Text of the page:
8. Mr. Mojo Risin' says:

    It's the needed scale that is the problem. You have to look at replacing something like 50 million barrels per day of oil consumption. It is interesting to see this debate still going on in the climate change arena when the energy people have long known, biofuels will not save the day. The major hurdle for most of them is the very low EROEI on biofuels. The best grades of oil have energy returned on investment of 10:1 or more, in the old days it was 100:1 they say. Biofuels are lucky to obtain 3:1. If you understand how to do basic energy accounting you realize that the difference between 10:1 and 3:1 and a fifty percent reduction in scale means essentially the collapse of western civilization. Check out and for discussions on those lines. Also try contacting the House Peak Oil Caucus, formed by Representatives Roscoe Bartlett and Tom Udall. If you want to feel all warm inside contact CERA and ask them why we don't need to switch from buring as much oil as we want for as long as we want.

  9. Matt Burge says:

    Allan; Good arguments but you forget the impact on other species from mowing down tropical forests for bio-fuel crops;

  10. Ethanol says:

    *wonders how cold it's going to get today*

  11. Ethanol says:

    Hmm, i would like to add that there is a process for creating ethanol (cellosic ethanol to be precise) from trash, yep, garbage. Waste managment services has teamed up with BlueFire Ethanol (stock ticker BFRE.PK) to create biorefineries using said process. No need to mow down the rainforest folks, and we have more than enough trash to go around lol.

  12. nic says:

    …the answer is to consume less! Isn't it obvious? The reason for global warming and the depletion of natural resources is the industrialized world's insatiable appetite for consumer goods. The best defense to preventing things from getting worse is consuming less. We don't need new clothes every change of season and we don't need to drive a car to get to places. Our patterns need to change.

  13. jay zee says:

    Actually, the answer is to use the correct inputs. In order to maximize the efficiency of using biofuels one must use the most efficient crop. Better yet, one that provides not only oils for fuel, but other useful products as well. Cannabis hemp is the fastest growing plant on the planet, and provides not only food rich in healthy oils and proteins, but also fuel and fiber. Why has the world been so deadset against growing this nearly forgetten resource from the past? One has to wonder.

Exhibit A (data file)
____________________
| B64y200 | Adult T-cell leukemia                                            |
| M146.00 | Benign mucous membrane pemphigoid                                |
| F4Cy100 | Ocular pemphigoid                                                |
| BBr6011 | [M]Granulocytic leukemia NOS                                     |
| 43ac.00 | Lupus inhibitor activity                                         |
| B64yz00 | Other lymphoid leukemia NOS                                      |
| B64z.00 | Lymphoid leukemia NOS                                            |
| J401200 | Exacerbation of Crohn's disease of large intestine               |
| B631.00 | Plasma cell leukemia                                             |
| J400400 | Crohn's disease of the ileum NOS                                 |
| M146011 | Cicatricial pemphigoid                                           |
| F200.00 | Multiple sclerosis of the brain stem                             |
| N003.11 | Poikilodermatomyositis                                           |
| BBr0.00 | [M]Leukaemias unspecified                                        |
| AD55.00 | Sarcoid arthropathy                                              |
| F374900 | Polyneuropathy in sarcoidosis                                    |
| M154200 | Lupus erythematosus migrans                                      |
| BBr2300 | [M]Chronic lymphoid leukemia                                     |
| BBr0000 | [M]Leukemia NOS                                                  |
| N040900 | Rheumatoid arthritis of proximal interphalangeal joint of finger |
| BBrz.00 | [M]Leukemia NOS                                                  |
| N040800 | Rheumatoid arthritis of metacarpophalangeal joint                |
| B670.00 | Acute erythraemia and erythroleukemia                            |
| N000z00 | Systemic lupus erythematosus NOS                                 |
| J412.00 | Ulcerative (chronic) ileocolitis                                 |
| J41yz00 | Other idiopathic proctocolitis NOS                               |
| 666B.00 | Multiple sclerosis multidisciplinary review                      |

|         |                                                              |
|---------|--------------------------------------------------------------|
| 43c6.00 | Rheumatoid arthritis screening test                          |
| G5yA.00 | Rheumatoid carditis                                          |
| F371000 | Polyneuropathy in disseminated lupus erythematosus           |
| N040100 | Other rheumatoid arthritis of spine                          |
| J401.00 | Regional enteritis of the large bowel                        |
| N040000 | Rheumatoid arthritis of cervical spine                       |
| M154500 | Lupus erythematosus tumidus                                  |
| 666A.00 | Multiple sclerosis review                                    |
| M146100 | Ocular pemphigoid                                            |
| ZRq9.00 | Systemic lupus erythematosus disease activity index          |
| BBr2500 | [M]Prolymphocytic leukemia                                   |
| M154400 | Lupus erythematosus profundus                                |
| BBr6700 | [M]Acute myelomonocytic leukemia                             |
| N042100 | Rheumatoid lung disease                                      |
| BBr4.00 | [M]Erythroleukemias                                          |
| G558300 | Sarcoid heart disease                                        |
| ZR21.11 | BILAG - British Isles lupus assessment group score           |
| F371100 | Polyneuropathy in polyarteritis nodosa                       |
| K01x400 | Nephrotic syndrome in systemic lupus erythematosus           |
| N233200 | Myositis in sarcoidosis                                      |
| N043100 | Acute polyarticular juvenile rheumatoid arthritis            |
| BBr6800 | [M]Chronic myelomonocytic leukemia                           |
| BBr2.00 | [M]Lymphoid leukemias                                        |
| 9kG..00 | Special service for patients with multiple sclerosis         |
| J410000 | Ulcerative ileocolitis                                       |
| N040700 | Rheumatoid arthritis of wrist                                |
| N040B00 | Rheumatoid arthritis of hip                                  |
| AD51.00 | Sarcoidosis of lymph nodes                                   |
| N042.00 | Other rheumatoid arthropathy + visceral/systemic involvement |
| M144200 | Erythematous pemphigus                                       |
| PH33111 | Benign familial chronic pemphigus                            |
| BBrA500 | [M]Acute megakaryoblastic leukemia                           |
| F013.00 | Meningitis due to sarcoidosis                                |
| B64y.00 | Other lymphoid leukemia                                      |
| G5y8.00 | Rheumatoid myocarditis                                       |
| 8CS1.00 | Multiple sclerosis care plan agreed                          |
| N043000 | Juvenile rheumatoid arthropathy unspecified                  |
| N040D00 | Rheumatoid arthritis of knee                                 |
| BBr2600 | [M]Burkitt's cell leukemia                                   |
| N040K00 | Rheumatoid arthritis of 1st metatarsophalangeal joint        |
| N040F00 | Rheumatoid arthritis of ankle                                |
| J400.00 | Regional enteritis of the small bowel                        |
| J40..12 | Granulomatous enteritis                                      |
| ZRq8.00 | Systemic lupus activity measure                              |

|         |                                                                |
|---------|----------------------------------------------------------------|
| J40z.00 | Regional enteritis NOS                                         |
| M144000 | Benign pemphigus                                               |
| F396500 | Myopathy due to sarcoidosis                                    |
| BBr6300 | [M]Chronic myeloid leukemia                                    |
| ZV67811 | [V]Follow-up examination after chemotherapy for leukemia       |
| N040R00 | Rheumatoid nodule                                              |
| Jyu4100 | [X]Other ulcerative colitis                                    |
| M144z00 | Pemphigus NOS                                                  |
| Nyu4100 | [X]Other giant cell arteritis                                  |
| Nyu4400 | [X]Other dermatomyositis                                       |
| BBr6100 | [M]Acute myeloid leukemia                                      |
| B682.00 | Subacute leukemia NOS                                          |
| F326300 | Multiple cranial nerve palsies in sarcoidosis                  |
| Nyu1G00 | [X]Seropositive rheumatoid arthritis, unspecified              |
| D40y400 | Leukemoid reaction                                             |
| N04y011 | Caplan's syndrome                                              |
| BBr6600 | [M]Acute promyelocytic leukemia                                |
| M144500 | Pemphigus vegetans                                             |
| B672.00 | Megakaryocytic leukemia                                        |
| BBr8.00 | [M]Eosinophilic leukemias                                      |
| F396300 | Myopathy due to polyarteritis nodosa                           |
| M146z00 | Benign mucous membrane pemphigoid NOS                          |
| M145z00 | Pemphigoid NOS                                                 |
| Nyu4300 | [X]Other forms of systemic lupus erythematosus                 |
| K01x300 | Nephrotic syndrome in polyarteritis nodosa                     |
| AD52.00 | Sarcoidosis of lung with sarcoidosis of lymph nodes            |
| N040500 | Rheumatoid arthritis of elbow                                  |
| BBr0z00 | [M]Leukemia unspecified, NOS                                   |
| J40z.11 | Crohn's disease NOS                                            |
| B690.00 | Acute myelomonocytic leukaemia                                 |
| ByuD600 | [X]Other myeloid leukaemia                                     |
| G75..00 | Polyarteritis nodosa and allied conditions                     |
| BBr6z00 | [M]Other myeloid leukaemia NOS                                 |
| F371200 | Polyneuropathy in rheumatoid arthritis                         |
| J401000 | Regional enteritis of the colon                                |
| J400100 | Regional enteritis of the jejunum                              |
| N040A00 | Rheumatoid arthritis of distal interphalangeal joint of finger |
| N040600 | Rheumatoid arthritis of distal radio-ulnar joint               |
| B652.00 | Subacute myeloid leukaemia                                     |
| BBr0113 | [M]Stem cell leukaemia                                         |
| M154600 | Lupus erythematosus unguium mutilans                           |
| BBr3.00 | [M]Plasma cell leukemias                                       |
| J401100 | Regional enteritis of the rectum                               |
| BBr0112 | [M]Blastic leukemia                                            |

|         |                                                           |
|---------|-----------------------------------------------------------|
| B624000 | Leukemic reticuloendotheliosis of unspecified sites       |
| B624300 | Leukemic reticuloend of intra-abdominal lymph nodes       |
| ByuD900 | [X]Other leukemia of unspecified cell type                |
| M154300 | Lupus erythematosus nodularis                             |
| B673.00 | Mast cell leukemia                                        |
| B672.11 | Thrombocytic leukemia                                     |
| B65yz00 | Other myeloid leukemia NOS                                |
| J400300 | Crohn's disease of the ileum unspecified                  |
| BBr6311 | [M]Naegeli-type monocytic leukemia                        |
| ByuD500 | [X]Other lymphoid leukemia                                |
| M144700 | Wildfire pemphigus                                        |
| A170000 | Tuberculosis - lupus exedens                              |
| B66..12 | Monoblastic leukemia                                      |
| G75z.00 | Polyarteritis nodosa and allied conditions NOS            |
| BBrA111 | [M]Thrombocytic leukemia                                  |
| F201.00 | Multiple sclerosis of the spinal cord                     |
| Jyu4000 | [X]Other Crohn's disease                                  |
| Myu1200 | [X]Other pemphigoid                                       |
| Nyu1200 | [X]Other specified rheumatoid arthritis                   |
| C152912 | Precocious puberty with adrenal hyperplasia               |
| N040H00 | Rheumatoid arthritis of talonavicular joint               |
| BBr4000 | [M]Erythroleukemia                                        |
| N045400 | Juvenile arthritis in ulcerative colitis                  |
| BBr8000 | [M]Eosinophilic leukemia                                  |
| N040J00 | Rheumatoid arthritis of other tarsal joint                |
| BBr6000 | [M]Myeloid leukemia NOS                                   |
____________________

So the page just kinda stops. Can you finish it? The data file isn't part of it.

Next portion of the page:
We agree that growing corn (awash in petrochemical fertizers and pesticides) GMO or not – is not an answer.. Not only is corn not the answer, but it's future is uncertain, as it is not a sustainable crop. Sure our amazing farmers may be getting over 200-250 bushels / acre this year, we'll see – but they are aware that the corn production has peaked (along with petroleum as the two are intertwined). Once again we see a parallel in the story; cannabis hemp, when grown for biomass production is completely organic, needs no pesticides or fertilizers, and provides these multitudes of raw materials.

    The inventor of the Diesel engine designed the device over 100 years ago to run on plant oils; it was the petrol-chemists who had to synthesize & refine out of their goop a replacement fuel for the original diesel fuel – Biodiesel.

    "Congress and the Treasury Department were assured through secret testimony given by DuPont in 1935-37 directly to Herman Oliphant, Chief Counsel for the Treasury Dept., that hempseed oil could be replaced with synthetic petrochemical oils made principally by DuPont.&quot
    Hempseed oil for lamps was replaced by petroleum, kerosene, etc., after the 1859 Pennsylvania oil discovery and John D. Rockefeller's 1870-on national petroleum stewardship. In fact, the celebrated botanist Luther Burbank stated, "The seed [of cannabis] is prized in other countries for its oil, and its neglect here illustrates the same wasteful use of our agricultural resources."

    Hopefully the lunacy of the past will soon be just that and we can once again tap one of the most useful natural resources on this planet. Taking greenhouse gases out of the atmosphere to make food fuel and fiber via cannabis hemp and solar energy of photosynthesis is an answer to this planet's energy / climate dilemmas.

  14. making biodiesel

    However, consider the very small niche in the biofuel economy which plans to use non- food raw materials to generate energy, even though that by itself can never solve our energy needs. False A lot of these videos are full of green goodness but let thi…

  15. You know so many interesting infomation. You might be very wise. I like such people. Don't top writing.

  16. Chris Taus says:

    Almost all current biofuels are produced from agricultural crops on massive intensive scale, on industrial agricultural plantations by agri-business. We call these “industrial biofuels”. This is an important distinction as thesse are produced unsustainably, can push poor people off their land and contribute to climate change.